Library

Kitten care

 

What should I feed my kitten?

Find out from the breeder what, when and how much your kitten was being fed. A sudden change in diet can cause a gut upset, so you should feed the same thing that the breeder fed – at least initially. Once your kitten gets settled in, you can wean him or her over to a new diet if you wish. The main thing to remember when choosing a food for your kitten is that it must be food specifically made for kittens – not adult cat food. Kitten food is specifically formulated to meet the needs of a growing kitten. We recommend Royal Canin Growth food, which you can buy in the clinic. If you feed this, you do not need to provide any supplements. Wean your kitten onto new food over a period of about a week by first mixing 80% of the old food with 20% of the new food, then gradually increasing the percentage of the new food. Kittens should be fed four times daily until 2 months of age, three times daily until 4 months of age, and twice daily thereafter. Make sure your kitten always has free access to water. Cats don't need milk, but if you wish to provide milk make sure it is milk intended for cats – this milk is low in lactose, as many cats are lactose intolerant.

What veterinary treatment does my kitten need?

The following are all part of a comprehensive preventative health care program for a kitten:

  • Microchipping – Microchipping is a legal requirement for council registration. It involves injecting a small chip, about the size of a rice grain, under the skin between the shoulder blades. It is a bit painful, so some people elect to have it done at the time of desexing under anaesthesia. Vet clinics and pet shelters have scanners that identify these chips. A microchip is a permanent form of identification that will help your pet find its way back to you if it ever gets lost.
  • Vaccinations – Vaccination protects against feline herpesvirus (cat flu), feline calicivirus (cat flu), feline parvovirus (enteritis) and feline leukaemia. All of these diseases can potentially be fatal. Your kitten needs to be vaccinated at 6 – 8 weeks, 10 – 12 weeks and 14 – 16 weeks. He or she will not be completely protected until a week after receiving the third vaccine. After that, vaccination is required annually.
  • Worming – Four types of intestinal worm affect cats: roundworm, hookworm, whipworm and tapeworm. Kittens are particularly susceptible to the effects of worms, and infestation can potentially be fatal, so regular deworming is essential. Worming is required every 2 weeks until the age of 12 weeks, then monthly until the age of 6 months. Thereafter, your cat should be wormed once every 3 months for life.
  • Flea treatment – To completely prevent fleas, cats should receive flea treatment monthly. However, cats that are indoors and have minimal contact with other cats may not need regular flea treatment.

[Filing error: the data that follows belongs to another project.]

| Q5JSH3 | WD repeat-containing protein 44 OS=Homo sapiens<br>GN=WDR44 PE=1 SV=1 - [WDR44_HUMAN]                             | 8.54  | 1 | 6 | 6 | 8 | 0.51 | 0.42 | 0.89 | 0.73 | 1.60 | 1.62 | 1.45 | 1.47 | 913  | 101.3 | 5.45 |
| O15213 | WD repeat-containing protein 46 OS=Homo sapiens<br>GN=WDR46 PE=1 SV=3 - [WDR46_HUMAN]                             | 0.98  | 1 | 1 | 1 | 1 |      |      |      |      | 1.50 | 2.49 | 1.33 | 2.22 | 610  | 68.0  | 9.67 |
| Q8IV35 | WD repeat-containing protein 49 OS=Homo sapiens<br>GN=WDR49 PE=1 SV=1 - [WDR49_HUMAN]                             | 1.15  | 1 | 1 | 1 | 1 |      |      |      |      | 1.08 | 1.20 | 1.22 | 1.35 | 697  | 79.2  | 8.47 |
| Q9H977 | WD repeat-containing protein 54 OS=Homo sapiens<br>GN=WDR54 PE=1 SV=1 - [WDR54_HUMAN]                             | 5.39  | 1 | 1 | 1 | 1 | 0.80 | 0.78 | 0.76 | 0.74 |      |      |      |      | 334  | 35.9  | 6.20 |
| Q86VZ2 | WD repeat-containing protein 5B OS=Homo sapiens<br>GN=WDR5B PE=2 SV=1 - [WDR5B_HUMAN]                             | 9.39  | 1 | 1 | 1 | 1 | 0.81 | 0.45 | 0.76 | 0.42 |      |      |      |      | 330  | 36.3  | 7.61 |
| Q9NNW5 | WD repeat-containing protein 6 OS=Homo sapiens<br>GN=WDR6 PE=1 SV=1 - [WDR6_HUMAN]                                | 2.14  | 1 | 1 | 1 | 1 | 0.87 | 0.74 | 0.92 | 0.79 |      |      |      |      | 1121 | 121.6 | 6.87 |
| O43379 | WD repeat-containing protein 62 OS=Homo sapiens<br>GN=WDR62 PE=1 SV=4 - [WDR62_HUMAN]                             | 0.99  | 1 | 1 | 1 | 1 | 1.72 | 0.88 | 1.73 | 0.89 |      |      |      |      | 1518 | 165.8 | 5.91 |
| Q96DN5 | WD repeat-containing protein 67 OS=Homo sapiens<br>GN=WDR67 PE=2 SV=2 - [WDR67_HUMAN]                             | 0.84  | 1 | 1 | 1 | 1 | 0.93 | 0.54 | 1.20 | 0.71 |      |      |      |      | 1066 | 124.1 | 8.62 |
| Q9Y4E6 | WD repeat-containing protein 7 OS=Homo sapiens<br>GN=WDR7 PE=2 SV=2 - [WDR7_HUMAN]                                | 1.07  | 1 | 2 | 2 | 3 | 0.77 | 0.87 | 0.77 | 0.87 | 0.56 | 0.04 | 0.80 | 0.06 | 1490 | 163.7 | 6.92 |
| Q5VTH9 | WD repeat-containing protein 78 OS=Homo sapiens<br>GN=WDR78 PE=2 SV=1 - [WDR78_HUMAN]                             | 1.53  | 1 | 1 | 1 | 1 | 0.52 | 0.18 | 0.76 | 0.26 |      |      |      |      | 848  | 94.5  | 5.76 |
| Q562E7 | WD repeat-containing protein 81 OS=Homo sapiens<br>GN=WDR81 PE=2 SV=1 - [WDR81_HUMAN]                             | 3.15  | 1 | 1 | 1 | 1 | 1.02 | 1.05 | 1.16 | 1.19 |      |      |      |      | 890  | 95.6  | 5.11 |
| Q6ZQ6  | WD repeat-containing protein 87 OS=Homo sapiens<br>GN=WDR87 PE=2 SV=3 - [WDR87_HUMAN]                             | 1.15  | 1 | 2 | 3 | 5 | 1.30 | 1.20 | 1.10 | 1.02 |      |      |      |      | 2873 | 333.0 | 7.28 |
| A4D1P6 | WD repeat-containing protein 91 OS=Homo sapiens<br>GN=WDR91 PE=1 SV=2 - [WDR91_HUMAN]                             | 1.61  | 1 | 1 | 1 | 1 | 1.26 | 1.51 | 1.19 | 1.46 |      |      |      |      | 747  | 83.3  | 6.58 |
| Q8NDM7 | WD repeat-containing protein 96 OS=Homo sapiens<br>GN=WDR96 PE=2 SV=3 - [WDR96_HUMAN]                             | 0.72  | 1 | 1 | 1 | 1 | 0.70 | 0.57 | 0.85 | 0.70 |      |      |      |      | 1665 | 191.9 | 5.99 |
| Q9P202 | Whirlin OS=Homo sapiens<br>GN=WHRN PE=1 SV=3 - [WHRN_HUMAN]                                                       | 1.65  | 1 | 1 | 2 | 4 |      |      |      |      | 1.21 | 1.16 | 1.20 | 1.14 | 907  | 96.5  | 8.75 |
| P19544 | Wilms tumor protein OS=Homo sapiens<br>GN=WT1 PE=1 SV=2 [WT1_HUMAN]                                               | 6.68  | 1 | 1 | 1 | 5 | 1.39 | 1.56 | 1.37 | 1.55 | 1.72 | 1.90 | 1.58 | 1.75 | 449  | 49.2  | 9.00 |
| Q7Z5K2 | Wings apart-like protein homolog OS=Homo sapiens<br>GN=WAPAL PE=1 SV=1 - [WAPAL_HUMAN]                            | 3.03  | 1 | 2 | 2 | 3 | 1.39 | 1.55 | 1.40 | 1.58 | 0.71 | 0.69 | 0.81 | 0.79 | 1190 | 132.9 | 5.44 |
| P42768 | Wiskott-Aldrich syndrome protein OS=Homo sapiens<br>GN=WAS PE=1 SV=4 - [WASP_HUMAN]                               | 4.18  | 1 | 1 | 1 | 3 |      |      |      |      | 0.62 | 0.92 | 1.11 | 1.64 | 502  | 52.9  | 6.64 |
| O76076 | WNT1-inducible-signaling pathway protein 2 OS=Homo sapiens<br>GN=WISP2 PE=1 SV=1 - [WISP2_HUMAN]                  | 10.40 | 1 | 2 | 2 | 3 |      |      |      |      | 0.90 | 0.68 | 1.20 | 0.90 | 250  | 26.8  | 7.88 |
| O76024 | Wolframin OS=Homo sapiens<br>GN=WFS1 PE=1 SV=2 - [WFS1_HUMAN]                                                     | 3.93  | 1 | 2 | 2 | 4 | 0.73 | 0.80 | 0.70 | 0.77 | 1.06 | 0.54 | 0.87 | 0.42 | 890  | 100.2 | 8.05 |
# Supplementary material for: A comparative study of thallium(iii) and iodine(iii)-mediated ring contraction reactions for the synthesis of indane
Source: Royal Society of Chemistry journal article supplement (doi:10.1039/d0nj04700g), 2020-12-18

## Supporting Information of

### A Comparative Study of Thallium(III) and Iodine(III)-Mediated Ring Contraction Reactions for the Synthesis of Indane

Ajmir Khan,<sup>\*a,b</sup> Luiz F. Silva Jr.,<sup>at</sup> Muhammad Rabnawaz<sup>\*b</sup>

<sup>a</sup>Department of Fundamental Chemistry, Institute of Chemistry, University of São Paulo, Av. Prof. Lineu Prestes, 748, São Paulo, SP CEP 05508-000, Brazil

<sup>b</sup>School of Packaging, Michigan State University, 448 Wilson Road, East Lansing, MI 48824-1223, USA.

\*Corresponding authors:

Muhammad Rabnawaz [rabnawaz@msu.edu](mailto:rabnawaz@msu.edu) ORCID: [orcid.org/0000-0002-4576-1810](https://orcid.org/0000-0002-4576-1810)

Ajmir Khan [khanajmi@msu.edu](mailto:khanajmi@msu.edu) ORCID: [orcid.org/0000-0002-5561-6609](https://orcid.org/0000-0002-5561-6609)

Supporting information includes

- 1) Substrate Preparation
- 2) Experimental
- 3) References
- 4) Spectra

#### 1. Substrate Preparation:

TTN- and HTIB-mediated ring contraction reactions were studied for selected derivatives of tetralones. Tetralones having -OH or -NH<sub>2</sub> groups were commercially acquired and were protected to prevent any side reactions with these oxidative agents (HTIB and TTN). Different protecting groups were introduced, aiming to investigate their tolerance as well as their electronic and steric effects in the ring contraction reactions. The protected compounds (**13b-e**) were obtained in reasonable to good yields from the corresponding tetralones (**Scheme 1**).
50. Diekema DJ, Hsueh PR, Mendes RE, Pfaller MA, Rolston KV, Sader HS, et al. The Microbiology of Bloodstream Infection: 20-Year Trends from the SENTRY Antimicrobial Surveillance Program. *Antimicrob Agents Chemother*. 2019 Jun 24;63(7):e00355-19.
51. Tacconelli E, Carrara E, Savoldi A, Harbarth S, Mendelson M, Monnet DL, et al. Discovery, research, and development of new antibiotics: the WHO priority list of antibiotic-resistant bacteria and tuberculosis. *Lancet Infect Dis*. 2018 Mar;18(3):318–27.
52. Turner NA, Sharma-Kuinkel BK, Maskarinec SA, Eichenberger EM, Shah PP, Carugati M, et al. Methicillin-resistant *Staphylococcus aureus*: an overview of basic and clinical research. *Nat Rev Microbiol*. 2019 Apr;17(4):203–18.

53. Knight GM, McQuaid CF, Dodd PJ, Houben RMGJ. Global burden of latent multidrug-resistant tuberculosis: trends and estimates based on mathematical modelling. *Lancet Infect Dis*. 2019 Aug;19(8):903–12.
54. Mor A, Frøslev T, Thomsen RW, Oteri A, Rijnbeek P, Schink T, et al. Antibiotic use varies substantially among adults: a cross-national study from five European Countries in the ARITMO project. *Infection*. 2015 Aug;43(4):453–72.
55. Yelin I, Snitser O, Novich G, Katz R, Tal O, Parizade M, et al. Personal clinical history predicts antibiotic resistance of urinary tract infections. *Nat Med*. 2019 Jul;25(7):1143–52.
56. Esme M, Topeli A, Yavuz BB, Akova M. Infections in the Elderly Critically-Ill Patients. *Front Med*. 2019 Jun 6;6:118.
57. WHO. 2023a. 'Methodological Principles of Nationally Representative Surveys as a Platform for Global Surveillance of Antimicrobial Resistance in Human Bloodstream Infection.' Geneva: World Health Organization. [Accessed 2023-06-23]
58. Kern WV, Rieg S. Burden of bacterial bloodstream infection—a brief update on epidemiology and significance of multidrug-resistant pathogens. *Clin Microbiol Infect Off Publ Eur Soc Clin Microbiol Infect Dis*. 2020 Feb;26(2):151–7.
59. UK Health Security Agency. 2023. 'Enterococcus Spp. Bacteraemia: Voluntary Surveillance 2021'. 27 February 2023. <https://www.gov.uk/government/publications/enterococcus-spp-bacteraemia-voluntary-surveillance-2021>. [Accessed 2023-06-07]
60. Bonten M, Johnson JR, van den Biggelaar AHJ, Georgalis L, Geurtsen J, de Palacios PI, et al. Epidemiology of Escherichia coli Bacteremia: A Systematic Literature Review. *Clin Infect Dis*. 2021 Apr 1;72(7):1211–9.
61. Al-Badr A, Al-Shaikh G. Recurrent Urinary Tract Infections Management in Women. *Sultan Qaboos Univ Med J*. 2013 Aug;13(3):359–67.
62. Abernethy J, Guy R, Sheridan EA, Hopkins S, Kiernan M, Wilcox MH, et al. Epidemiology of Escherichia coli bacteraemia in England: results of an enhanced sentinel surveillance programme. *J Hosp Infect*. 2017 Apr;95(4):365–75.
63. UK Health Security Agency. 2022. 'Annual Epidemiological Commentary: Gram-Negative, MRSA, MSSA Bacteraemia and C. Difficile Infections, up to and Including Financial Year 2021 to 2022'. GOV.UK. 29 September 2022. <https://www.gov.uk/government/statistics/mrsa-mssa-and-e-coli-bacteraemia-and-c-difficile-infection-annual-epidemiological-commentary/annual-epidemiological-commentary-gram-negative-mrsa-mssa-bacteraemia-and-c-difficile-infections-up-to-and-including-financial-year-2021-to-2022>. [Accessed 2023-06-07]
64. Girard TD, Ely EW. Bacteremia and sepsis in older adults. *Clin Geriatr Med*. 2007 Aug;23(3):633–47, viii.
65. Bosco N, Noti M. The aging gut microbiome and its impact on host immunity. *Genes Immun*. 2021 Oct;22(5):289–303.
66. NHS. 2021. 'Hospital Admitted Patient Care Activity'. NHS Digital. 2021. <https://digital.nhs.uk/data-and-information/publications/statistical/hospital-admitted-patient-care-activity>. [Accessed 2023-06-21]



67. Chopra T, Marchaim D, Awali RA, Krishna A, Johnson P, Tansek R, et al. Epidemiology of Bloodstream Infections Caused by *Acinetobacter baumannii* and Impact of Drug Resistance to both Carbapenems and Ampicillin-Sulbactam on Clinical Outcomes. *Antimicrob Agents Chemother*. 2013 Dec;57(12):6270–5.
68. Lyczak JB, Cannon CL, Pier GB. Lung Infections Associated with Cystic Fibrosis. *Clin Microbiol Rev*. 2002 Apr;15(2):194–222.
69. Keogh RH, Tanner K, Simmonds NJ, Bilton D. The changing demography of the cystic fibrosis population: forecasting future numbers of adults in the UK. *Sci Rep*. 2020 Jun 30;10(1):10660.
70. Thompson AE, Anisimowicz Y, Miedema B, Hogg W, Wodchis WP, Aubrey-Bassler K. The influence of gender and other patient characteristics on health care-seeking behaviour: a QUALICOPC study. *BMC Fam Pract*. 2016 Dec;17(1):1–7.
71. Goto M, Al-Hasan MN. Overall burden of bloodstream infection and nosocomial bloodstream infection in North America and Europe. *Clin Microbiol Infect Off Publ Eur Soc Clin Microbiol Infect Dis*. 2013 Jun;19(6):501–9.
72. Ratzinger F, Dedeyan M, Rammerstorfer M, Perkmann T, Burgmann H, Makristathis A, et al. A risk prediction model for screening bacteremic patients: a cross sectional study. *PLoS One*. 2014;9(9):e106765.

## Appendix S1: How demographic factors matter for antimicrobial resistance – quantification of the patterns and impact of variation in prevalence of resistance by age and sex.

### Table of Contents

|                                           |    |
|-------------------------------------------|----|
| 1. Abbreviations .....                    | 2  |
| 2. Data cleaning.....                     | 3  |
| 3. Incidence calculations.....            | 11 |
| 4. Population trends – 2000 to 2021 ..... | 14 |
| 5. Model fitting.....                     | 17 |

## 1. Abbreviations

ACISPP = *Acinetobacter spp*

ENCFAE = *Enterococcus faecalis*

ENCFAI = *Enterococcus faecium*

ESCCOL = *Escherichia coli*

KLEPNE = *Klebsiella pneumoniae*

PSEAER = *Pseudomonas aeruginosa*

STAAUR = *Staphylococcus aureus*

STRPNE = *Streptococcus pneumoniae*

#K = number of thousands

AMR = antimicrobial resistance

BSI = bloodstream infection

• Heartworm treatment – Intestinal dewormers do not protect against heartworm. Heartworm is primarily a disease of dogs, but it is possible for cats to become 'accidentally' infected. It is spread by mosquitoes, so even if your cat is not in contact with other animals, this does not guarantee that he or she will not become infected. Heartworm is very rare in dogs in Melbourne, and even more rare in cats.

How can I toilet train my kitten?

Some kittens will already have been using a litter tray when they come to your home, and will only need to be shown where the litter tray is. If not, you can take the following steps to help your kitten learn to use a litter tray:

Keep the tray in a quiet, protected area where your kitten can use it privately.
Keep the tray in one place – do not move it around.
Praise your cat for using the litter tray, but do not punish him or her for toileting in inappropriate areas.
Clean the litter tray regularly with water – some cats will not use a soiled litter tray, and the smell of disinfectants or detergents can deter them from using the litter tray.

When and why should I desex my kitten?

See the Information Sheet on Desexing.

Should I groom my kitten?

All cats benefit from grooming, and the earlier you introduce this to your cat, the better he or she will tolerate it. It is best to use a brush specifically designed for cats. Grooming is also a good way to pick up on any abnormalities in your cat. In long-haired breeds, hair can start to mat after even a few weeks, which can be uncomfortable and even painful. Your cat may require sedation to be able to remove these mats.

What can I do to keep my cat's teeth healthy?

It is important that there is something in your cat's diet to keep the teeth clean from an early age, because once tartar has built up on the teeth the only way to remove it is using ultrasonic scaling under general anaesthesia (see Dental Health Information Sheet).

The ideal way to prevent tartar formation is to brush your pet's teeth 3 times per week. If this is done from an early age, kittens can learn to tolerate this well. We understand that you may not be willing to do this, and there are other options. Royal Canin Dental food and Hill's t/d are complete and balanced, and can be used as part of the diet (every second day) from 6 months of age to abrade the teeth and prevent tartar formation. Raw chicken necks or bones are also effective at cleaning teeth.